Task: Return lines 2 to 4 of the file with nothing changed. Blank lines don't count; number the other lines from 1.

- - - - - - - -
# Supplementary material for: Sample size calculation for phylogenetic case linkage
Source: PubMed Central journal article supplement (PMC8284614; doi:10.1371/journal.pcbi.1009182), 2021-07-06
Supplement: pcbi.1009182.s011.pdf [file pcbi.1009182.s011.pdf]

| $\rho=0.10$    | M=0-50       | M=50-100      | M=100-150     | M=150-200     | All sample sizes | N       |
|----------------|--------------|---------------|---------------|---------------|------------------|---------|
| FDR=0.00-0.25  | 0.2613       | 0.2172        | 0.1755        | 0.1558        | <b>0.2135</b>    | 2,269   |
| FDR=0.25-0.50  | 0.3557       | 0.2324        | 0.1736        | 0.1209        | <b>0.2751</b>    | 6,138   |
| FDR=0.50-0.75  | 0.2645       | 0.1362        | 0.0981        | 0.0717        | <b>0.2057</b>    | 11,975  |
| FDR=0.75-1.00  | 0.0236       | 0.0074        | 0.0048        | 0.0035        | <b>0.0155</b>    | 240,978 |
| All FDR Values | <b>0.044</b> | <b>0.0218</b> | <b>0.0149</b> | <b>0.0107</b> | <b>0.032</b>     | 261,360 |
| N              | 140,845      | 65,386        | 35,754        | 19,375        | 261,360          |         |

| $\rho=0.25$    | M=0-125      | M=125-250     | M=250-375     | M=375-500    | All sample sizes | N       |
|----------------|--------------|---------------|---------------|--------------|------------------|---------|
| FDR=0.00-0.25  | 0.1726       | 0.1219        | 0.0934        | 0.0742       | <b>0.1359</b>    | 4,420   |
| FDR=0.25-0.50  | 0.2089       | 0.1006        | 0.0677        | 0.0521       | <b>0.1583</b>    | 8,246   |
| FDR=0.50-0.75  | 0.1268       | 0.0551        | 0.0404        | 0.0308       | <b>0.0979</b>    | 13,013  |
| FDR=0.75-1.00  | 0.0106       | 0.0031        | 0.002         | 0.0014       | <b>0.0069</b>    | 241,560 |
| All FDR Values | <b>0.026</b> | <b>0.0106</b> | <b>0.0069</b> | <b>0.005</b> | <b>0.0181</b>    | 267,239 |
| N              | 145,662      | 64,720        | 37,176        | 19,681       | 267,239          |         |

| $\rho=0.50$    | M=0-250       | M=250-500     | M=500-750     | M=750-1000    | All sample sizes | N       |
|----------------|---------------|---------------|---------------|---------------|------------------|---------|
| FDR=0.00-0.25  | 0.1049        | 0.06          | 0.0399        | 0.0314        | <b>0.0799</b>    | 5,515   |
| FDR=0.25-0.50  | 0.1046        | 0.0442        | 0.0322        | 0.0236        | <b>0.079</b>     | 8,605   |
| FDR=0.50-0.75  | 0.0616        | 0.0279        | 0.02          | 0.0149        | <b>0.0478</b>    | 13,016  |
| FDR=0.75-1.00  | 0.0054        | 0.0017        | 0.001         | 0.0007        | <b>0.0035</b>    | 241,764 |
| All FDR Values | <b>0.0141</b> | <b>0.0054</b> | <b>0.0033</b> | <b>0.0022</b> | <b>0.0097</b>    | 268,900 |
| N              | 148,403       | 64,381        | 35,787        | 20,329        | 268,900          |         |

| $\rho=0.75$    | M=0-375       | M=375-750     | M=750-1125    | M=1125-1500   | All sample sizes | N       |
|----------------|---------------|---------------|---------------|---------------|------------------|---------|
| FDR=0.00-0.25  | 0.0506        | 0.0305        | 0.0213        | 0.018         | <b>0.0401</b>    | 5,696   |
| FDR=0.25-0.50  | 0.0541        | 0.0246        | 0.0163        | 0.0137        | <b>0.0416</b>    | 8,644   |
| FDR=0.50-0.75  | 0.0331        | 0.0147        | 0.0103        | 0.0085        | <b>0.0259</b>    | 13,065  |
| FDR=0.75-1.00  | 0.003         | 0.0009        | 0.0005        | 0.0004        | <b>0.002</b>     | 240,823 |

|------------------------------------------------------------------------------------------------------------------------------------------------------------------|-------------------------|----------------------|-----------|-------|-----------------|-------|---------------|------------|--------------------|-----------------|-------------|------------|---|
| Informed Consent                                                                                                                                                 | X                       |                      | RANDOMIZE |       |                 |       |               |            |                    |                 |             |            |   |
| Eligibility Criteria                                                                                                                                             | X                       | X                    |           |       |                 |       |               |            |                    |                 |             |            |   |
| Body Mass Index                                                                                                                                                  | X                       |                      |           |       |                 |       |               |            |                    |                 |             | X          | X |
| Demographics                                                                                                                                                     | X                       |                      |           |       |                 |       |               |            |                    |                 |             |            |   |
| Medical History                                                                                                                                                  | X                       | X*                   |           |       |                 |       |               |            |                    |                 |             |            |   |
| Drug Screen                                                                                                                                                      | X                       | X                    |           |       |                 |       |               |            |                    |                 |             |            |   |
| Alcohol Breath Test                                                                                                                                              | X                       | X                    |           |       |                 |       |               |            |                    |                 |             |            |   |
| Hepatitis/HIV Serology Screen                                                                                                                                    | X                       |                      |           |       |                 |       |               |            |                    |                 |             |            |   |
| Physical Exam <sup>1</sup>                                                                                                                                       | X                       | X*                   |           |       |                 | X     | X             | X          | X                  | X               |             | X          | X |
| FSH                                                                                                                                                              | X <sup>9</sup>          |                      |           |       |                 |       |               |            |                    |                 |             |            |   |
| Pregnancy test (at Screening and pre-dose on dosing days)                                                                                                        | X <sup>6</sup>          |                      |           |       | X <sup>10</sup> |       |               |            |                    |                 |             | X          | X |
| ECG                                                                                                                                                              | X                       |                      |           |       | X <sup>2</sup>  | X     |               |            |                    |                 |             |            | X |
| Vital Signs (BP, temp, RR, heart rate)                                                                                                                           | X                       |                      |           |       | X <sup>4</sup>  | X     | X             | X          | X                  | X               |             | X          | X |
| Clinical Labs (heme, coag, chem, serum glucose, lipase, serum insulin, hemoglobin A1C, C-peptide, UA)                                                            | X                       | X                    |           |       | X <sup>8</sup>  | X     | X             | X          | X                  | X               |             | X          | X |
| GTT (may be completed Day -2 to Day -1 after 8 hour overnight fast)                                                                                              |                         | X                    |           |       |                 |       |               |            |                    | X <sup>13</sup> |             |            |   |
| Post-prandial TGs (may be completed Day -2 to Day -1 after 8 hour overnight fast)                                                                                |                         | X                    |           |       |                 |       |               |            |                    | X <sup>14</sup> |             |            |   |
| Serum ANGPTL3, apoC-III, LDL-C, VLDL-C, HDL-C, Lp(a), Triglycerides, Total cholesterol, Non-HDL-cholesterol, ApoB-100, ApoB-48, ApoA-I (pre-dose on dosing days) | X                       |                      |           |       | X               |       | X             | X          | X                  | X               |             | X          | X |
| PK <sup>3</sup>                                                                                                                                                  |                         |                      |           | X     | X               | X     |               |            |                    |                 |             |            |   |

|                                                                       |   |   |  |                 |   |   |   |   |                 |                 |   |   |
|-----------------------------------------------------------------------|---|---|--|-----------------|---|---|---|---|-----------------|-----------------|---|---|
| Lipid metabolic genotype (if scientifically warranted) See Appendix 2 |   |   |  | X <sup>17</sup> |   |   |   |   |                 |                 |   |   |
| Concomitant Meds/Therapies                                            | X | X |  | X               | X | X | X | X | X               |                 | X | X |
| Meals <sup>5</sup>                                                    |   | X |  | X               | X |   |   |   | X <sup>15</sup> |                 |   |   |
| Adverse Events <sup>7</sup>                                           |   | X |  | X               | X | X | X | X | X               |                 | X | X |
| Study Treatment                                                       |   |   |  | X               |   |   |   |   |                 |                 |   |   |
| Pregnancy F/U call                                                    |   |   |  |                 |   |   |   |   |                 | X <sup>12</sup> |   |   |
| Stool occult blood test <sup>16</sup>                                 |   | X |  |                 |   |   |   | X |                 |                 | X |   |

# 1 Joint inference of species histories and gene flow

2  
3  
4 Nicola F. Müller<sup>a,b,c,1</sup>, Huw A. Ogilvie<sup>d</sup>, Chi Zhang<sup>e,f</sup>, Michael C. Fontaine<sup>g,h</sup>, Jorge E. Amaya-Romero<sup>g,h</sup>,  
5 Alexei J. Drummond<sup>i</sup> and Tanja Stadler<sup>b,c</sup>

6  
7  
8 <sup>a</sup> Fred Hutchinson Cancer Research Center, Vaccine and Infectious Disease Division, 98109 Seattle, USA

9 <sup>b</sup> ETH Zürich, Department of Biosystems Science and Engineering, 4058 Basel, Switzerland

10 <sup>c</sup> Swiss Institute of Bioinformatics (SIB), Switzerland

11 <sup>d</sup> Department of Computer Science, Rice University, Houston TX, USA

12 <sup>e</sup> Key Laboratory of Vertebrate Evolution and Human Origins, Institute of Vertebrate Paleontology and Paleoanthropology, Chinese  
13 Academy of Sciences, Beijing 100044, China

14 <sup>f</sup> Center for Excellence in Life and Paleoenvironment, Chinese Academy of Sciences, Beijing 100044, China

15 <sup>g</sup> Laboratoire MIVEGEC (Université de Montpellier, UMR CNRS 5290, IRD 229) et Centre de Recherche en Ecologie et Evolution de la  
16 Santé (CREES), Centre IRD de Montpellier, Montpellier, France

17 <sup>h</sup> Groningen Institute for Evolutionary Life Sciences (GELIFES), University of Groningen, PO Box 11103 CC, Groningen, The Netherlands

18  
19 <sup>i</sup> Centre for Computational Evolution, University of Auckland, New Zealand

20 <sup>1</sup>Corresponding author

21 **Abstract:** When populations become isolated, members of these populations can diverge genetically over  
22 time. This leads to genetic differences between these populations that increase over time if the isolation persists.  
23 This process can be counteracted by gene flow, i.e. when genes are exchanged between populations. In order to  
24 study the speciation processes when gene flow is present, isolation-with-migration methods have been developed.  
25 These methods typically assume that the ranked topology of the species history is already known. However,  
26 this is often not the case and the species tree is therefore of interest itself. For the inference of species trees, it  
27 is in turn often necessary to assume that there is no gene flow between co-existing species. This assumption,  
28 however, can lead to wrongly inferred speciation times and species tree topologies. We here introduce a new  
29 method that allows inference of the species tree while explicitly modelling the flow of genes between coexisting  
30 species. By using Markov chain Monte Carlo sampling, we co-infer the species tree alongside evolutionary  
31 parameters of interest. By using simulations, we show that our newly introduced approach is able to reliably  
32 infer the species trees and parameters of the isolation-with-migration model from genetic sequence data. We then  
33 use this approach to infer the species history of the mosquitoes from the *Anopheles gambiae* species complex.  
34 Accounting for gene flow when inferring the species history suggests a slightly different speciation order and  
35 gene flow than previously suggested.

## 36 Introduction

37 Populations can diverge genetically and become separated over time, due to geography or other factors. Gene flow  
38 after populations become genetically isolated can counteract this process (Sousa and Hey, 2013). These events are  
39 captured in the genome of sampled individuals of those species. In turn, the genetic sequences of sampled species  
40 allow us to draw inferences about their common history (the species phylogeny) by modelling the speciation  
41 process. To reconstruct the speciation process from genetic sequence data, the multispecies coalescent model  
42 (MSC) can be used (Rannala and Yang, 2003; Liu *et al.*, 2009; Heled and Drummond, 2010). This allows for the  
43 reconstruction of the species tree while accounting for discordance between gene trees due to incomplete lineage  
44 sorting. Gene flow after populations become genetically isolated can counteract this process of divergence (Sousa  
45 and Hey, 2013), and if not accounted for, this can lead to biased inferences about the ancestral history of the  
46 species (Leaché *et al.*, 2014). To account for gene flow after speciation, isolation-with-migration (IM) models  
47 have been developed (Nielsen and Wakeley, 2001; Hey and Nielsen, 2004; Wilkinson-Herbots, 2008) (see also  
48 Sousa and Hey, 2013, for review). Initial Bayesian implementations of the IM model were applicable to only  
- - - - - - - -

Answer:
Source: PubMed Central journal article supplement (PMC8284614; doi:10.1371/journal.pcbi.1009182), 2021-07-06
Supplement: pcbi.1009182.s011.pdf [file pcbi.1009182.s011.pdf]

| $\rho=0.10$    | M=0-50       | M=50-100      | M=100-150     | M=150-200     | All sample sizes | N       |